Then, I want you to invest that "extra" into something more productive. If it’s extra time, go for a walk. If it’s extra peace, take five deep breaths. If it’s extra money, because you decided to just pay the stupid traffic ticket instead of letting it sit on your desk accruing late fees, then take that extra money and invest it in something that makes you happy.
Play with your kids. Take a nap. Just do something that makes you feel the opposite of how you felt before you let go. I can guarantee you, this is one investment you’ll never regret.
This column, titled The Cost of Holding On, originally appeared in The New York Times on April 25, 2016.  www.behaviourgap.com
A Story of a Big Dream and a Single, Small Step

Let me tell you a little story. 

It’s the story of a consultant who had a scary idea. She wanted to publish a cookbook. She had no background in writing, publishing, cooking, blogging or anything related to that goal. 

In this tall tale, the consultant left her job to follow her dreams, as the cliché goes. And the next thing you know, the story unfolds just as you would have hoped. The universe conspires — magically! — to give her a helping hand. She finds an agent and snags a contract with a top publisher. She even gets the television personality Anthony Bourdain, a famous chef, to do the blurb on the book cover. 

Cool story, right? But we all know stories like this one don’t really happen. You need a degree from the literary starmakers at the University of Iowa Writers’ Workshop, a successful stint on “Iron Chef” or at least 10,000 Instagram followers before you can even dream of doing something like that. 

But wait! This story is actually true. The woman who made it happen is Reem Kassis, and her cookbook is “The Palestinian Table.”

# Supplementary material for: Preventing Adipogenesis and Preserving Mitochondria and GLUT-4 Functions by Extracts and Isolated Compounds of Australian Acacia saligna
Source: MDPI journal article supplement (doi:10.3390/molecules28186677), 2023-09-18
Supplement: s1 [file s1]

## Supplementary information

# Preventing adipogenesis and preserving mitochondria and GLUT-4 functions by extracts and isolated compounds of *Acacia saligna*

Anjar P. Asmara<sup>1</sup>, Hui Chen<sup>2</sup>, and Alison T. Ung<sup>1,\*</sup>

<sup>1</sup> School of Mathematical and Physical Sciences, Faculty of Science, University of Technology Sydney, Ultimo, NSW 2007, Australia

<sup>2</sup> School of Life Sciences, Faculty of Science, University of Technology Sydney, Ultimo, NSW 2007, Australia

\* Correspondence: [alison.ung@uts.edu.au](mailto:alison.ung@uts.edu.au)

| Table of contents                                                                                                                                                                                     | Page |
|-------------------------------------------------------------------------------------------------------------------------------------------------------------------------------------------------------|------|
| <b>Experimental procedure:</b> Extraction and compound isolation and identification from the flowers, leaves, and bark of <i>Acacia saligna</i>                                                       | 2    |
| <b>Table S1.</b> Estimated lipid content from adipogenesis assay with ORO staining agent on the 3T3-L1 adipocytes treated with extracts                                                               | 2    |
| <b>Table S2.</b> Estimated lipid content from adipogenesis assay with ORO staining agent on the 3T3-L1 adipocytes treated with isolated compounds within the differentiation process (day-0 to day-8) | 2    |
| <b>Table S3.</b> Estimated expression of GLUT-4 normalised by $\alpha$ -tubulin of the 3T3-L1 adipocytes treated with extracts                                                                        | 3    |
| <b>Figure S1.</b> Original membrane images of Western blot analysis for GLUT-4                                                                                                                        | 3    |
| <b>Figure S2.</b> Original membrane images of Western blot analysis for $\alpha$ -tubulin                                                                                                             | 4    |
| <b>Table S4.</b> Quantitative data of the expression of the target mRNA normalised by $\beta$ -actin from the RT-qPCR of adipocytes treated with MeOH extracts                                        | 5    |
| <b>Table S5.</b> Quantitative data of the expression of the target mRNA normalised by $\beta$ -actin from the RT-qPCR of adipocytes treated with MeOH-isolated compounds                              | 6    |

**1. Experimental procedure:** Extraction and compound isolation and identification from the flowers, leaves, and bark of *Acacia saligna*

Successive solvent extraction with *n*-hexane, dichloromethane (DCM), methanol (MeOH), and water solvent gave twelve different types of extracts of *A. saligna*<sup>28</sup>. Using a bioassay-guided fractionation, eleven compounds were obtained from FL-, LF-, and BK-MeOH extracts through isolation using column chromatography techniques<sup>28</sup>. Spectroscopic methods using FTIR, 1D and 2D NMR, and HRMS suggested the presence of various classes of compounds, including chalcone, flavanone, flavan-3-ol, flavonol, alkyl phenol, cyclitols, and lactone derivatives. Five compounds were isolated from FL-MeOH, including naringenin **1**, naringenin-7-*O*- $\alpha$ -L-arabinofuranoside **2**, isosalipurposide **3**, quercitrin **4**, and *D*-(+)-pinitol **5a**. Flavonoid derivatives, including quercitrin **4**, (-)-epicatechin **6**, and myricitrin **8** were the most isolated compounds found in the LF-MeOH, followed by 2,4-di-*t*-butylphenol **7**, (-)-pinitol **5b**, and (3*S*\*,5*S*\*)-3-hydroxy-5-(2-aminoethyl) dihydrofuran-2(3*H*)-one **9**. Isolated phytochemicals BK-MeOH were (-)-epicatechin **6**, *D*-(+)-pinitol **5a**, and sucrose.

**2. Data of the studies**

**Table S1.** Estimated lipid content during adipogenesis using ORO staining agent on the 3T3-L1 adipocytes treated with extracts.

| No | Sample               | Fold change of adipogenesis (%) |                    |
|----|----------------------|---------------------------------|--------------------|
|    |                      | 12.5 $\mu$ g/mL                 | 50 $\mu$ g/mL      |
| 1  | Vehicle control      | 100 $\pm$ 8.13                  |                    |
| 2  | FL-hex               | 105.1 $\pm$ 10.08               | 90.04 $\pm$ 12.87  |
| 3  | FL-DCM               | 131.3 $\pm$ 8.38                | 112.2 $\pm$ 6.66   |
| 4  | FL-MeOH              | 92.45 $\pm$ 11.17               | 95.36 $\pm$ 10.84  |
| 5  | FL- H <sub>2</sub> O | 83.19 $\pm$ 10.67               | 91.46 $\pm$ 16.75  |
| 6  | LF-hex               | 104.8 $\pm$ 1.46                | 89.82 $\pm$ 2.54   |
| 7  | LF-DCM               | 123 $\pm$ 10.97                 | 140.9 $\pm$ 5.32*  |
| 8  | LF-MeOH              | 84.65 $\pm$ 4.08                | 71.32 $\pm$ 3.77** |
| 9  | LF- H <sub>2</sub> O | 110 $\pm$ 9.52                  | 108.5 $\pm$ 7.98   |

So why share the story? Not because it is so crazy but because it is so sane. The way Ms. Kassis pursued her scary thing is practical and repeatable. She did things that anyone can do, as long as you have the nerve to try to do something hard and scary in the first place. 

Ms. Kassis grew up in Jerusalem but came to the United States to pursue an undergraduate degree at the University of Pennsylvania. She eventually worked as a consultant for McKinsey & Company before leaving to have her first child. 

It was around then that she decided to give this far-fetched cookbook idea a shot. She was not dabbling in writing at the time. She didn’t have a side hustle making food at a restaurant. She didn’t have a blog or an Instagram account. All she had was a stake in the ground and a direction she wanted to go. 

Oh, and she had those roadblocks. Enough roadblocks that most people would have labeled such an idea unrealistic and given up. 

But one pattern I’ve noticed in people who do scary things is that once they see the roadblocks in their way, they take a specific kind of action to begin to break them down — a micro-action. Having figured out the big goal, they focus on the next, smallest action that will get them a bit closer to it.

Because Ms. Kassis wanted to publish this book in a traditional way, the most obvious roadblock was her lack of a publisher. To get one to take you seriously, you generally need an agent. To get an agent, you need to send what’s known as a query letter. (See how we’re moving from big, insurmountable roadblocks to smaller actions?) 

But first, you need to figure out which agents to approach. So here’s what Ms. Kassis did first: She went to the bookstore, picked up a cookbook and read the acknowledgments section. She noticed that the author thanked an agent in the acknowledgments, and she wrote down the name of the agent. 

There is more to this story, but please note how micro this action was: a trip to the bookstore. Having noted the name of one agent in one cookbook, the next smallest step was to pick up another one. She repeated these steps with every cookbook she could find until she had a list of agents. 

The next smallest step was to go home and research those agents, one at a time. That allowed her to write each of them very targeted emails. Because she was so thorough in her research, she got an almost unheard-of response rate. Eventually, she landed an agent, and now there’s a published cookbook with her name on it. 

Once you’ve identified the scary thing you want to do, don’t obsess over all the reasons you can’t do it. Get quiet and ask yourself one simple question: What is to be done next? Then look for the next smallest action you can take. Do that thing. Ask again. Repeat.